“In the records accessible to us the tradition from Brahmanism – that is, the religion of the vedas and Brahmanas – to Hinduism does not appear as direct but as masked by Buddhism. We see Buddhism grow at the expense of Brahmanism. We are then conscious that it becomes profoundly modified under the influence of new ideas.”

Buddhism did not give room for any Vedic practices. Buddha did not accept the authority of the Vedas. He wanted his followers to have faith in convincing practices rather than something difficult sanctioned by Vedas (Seshiengar 60).

Considering Max Muller’s observation on Buddhism,

“To my mind….. Buddhism has always seemed to be not a new religion, but a natural development of the Indian mind in its various manifestations, religious, philosophical, social and political”.

We tend to think that Buddhism and its principles might have emerged as a comprehensive religious practice for the contemporary crowd facing challenges from their living environment, especially when Hinduism was bit of a scorn to many in the hands of Vedic Aryans. After attaining enlightenment, Buddha formulated his own principles which he said would help even the normal people attain Nirvana. Some of the tenets of both Buddhism and Hinduism were similar. Both Hinduism and Buddhism agree to the doctrine ‘law of karma’. The law of karma states that people are reborn according to their acts and deeds performed. The Bhagavad-Gita tells Hindus:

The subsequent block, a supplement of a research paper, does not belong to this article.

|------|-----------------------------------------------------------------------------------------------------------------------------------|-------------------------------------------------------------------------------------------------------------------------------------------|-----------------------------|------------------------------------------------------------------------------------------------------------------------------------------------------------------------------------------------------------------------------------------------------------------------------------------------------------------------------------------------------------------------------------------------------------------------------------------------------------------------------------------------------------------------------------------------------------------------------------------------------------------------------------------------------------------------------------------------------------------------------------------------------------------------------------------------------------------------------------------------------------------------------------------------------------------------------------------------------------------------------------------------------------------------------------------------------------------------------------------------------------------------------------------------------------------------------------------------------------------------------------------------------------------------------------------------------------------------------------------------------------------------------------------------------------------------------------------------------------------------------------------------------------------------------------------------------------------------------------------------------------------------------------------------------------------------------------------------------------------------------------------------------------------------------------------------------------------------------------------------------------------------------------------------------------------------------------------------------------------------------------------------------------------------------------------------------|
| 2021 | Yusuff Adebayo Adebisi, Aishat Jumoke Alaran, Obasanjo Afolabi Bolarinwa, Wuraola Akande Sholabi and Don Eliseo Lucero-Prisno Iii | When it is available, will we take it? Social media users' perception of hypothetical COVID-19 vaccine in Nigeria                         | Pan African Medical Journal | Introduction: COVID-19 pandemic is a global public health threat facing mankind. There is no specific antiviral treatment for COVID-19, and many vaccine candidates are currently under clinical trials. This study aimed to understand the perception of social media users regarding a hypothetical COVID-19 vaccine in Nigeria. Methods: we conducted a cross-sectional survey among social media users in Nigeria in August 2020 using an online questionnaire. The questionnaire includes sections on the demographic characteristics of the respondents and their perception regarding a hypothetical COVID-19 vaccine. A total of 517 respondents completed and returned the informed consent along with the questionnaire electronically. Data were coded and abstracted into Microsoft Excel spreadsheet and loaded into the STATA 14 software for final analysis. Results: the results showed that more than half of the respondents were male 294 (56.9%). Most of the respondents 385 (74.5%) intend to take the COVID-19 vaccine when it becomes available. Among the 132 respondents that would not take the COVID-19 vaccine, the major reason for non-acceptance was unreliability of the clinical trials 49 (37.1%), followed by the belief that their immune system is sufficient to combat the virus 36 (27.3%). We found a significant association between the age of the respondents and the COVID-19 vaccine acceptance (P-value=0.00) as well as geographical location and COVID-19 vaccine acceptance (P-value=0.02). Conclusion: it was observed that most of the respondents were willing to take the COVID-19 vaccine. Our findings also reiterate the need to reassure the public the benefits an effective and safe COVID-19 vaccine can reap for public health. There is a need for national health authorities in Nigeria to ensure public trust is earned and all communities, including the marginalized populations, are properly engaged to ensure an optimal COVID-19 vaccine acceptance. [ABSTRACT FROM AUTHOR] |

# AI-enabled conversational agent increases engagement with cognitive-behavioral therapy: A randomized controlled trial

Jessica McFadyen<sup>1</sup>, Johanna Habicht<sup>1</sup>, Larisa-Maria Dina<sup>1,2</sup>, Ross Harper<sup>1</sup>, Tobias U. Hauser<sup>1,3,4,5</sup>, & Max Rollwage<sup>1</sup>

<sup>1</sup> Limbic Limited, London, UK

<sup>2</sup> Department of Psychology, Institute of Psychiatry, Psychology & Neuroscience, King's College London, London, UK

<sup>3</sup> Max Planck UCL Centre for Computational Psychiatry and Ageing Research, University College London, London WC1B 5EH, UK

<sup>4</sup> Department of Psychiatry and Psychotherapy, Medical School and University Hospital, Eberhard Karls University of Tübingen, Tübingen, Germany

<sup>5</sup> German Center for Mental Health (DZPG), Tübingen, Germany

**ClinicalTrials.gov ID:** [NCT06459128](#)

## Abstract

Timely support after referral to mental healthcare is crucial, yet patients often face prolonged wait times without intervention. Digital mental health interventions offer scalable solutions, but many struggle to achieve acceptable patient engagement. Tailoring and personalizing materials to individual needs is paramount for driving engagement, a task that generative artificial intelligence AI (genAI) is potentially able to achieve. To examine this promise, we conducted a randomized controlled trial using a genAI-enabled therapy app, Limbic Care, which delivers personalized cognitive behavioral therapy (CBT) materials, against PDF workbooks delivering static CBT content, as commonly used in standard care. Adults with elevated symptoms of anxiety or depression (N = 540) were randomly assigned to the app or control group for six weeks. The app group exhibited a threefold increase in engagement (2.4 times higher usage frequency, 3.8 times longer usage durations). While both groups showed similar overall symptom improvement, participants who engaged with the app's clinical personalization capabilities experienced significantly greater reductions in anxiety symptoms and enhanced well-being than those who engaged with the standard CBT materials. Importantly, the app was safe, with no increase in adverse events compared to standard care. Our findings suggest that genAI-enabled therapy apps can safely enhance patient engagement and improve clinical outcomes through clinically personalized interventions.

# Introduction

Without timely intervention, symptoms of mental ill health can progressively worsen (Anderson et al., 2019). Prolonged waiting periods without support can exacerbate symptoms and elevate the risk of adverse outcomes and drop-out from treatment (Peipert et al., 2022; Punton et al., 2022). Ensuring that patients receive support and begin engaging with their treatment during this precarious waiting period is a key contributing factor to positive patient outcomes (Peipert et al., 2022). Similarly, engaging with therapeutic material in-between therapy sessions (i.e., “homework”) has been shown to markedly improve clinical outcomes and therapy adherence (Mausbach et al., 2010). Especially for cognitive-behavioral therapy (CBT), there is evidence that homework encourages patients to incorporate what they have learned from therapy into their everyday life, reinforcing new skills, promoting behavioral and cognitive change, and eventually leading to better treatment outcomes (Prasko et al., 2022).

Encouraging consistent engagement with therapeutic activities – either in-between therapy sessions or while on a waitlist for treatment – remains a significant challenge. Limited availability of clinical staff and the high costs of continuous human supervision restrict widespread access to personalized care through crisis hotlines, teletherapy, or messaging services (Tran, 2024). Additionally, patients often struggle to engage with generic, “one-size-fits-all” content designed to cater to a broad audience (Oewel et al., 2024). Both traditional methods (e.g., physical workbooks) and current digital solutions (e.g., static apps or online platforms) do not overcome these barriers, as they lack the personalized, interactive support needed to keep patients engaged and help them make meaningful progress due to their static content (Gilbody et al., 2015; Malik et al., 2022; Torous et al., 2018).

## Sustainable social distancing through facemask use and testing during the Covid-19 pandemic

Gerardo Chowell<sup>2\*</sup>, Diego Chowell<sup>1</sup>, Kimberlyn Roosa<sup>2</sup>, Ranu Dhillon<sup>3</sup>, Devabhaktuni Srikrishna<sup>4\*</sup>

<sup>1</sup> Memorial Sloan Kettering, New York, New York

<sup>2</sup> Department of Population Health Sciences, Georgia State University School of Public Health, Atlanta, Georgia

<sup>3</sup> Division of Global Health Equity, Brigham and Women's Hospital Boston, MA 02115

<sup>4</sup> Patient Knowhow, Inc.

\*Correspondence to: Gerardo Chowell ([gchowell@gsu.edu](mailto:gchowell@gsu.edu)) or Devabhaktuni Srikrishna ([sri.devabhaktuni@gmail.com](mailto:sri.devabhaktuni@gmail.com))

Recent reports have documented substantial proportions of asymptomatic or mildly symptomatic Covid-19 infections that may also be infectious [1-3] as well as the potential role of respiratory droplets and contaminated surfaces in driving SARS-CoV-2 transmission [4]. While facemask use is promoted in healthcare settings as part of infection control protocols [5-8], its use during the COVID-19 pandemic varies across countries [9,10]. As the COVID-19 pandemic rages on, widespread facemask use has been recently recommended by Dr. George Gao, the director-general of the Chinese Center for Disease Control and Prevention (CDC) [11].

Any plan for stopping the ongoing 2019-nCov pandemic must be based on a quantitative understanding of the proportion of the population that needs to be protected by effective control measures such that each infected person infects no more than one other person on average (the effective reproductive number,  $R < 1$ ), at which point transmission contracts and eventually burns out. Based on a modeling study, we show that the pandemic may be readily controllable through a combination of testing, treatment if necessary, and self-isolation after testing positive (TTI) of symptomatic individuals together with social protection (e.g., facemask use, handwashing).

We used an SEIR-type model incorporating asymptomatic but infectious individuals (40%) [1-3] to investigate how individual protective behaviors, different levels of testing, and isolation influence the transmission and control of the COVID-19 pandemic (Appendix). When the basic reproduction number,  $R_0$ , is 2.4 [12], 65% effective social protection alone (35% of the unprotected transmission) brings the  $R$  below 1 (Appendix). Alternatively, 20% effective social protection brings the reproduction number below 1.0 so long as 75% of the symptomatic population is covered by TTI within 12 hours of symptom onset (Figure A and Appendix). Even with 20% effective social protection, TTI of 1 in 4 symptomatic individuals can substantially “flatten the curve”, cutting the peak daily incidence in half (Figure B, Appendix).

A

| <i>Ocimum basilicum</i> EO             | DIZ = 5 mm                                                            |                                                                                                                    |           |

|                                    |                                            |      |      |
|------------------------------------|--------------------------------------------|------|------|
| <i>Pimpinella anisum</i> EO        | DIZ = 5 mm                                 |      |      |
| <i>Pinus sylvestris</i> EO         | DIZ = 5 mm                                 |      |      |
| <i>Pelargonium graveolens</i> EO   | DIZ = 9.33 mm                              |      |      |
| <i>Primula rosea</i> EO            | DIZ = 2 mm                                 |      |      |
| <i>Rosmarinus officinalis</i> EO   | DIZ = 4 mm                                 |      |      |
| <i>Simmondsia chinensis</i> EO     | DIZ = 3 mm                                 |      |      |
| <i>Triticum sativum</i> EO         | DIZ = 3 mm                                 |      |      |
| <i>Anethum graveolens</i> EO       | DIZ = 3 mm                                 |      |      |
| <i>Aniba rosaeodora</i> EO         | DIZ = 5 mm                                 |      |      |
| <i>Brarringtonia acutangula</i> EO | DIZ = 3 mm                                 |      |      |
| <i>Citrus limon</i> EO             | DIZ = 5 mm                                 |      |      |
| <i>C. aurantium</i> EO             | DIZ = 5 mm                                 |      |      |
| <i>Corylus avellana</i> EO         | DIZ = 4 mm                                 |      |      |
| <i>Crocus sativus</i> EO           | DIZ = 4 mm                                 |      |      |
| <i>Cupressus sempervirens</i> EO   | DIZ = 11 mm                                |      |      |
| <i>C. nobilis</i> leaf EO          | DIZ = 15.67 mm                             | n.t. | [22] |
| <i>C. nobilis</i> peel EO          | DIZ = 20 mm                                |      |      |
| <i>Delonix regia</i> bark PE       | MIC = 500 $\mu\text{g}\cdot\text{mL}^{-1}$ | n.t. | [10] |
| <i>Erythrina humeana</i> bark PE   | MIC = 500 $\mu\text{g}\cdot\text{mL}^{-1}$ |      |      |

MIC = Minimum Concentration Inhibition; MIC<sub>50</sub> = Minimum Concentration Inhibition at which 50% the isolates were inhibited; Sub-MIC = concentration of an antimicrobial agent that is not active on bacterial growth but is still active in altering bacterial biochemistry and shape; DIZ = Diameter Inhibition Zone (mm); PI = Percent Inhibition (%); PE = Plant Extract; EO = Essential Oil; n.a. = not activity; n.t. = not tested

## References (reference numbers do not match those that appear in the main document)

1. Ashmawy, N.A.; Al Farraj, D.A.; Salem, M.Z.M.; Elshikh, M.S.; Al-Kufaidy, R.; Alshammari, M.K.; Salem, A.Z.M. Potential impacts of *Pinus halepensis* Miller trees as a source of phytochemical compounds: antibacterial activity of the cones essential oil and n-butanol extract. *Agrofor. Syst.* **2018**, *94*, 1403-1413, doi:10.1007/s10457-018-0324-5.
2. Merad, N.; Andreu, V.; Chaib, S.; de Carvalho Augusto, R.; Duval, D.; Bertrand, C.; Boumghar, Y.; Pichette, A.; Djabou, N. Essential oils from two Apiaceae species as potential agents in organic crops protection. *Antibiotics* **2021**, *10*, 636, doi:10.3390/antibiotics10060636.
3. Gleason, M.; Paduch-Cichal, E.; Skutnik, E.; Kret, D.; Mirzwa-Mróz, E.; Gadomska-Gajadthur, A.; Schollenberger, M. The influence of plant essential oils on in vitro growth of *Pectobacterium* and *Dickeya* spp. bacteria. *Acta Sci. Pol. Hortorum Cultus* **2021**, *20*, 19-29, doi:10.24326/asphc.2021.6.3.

“Death is certain for anyone born, and birth is certain for the dead; since the cycle is inevitable you have no cause to grieve.” (II, 27).